How to Pirate a Book on Copyright Law
What I learned remixing a 250 page copyright treatise into a website about fair use.
by Eric Adler
“Although copyright infringements are quite generally termed piracy, only a minority of infringers fly the Jolly Roger.” Shapiro v. Green (2nd Cir. 1963). The minority flying the Jolly Roger are a dull lot compared to artists who copy to transform and create. Fair use would encourage this creativity, if we only understood the rules. Copyright law doesn’t give us clear-cut rules like “using less than 10% of an original is OK.” The actual fair use rules are not only subjective and imprecise, they’re scattered across an archipelago of boring legal decisions. While I can’t make the rules more precise, I can at least collect and organize them.
I started my collection by copying Professor Robert Gorman’s 250 page treatise, “Copyright Law, 2nd ed.” (huge pdf). He spent years writing the book, and it’s really a great resource. I spent a few days remixing it into Copyright Codex, a website that draws on the visual elements of copyright cases to ease the tedium of learning fair use. Here are some of my favorite examples:
“Sorry for Partying” is an easy win for fair use. “The photograph was posterized, the background was removed, and Soglin’s face was turned lime green and surrounded by multi-colored writing… almost none of the copyrighted work remained.” Kienitz v. Sconnie Nation (7th Cir. 2014).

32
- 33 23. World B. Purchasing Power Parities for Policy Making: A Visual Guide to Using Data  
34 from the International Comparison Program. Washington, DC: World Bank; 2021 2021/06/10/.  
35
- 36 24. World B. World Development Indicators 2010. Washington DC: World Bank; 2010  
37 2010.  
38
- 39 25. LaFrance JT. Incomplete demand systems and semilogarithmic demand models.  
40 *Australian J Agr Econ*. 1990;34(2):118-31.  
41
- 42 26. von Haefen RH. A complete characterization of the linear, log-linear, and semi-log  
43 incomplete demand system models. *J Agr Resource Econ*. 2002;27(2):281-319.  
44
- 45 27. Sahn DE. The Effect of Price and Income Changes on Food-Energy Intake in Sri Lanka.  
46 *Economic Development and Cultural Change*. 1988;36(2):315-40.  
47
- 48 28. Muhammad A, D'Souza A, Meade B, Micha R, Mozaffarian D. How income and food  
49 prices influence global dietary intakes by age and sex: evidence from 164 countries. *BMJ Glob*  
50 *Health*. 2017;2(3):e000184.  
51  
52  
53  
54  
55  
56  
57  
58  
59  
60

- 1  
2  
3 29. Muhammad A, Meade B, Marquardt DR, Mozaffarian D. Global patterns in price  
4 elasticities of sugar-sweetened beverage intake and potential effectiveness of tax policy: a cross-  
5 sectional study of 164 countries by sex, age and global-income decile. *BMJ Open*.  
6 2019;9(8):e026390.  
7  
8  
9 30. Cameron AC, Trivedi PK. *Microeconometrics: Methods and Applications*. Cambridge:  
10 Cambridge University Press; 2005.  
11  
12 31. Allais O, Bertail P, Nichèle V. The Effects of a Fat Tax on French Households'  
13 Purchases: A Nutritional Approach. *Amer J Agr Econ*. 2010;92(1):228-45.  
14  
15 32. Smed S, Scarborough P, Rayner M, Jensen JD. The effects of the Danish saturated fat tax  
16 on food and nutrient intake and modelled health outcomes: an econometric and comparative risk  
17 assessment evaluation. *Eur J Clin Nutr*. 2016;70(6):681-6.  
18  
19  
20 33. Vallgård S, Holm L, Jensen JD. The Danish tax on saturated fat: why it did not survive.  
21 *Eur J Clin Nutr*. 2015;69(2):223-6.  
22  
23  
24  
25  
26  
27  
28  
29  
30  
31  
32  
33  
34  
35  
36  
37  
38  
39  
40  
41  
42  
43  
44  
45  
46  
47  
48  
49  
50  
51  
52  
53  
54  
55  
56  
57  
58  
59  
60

Sorry for Partying was fair use because it used only a sliver of the original photo. However, fair use isn’t just about the amount of art copied. Fair use weighs four central factors: (1) is the copy transformative or non-commercial? (2) Was the original work factual or creative? (3) How much was copied? (4) Does the copy harm the market for the original work?
Keep these questions in mind as you look at the next images.
The Jeff Koons sculpture (right) infringed the original Art Rogers photo (left). Why isn’t a blue-puppy sculpture a fair use copy of a photo? The Koons work had a commercial purpose (he sold it for $376,000), it copied from an artistic (rather than factual) source, and Koons copied nearly every detail of the original. But the real gist of Koons’ fair use argument was that his sculpture was satire, and criticized societies’ fascination with mass-produced commodities. The Judge disagreed, deciding that copying an artists’ work to criticize society at large was not fair use —to be fair use the copy must criticize the original work. Rogers v. Koons (2d Cir. 1992).
(But check out Cariou v. Prince (2d Cir. 2013), “The law imposes no requirement that a work comment on the original or its author in order to be considered transformative…”).
Photographer Andrea Blanch took the original photo (left) and published it in Allure Magazine. Jeff Koons used the photo in his “Niagara” painting (right). A New York court decided the Koons painting was transformative because:
The use of a fashion photograph created for publication in a glossy American “lifestyles” magazine — with changes of its colors, the background against which it is portrayed, the medium, the size of the objects pictured, the objects details and, crucially, their entirely different purpose and meaning — as part of a massive painting commissioned for exhibition in an art-gallery space. Blanch v. Koons (2d Cir. 2006).
A video game copying Pac-Man’s design and game play was copyright infringement: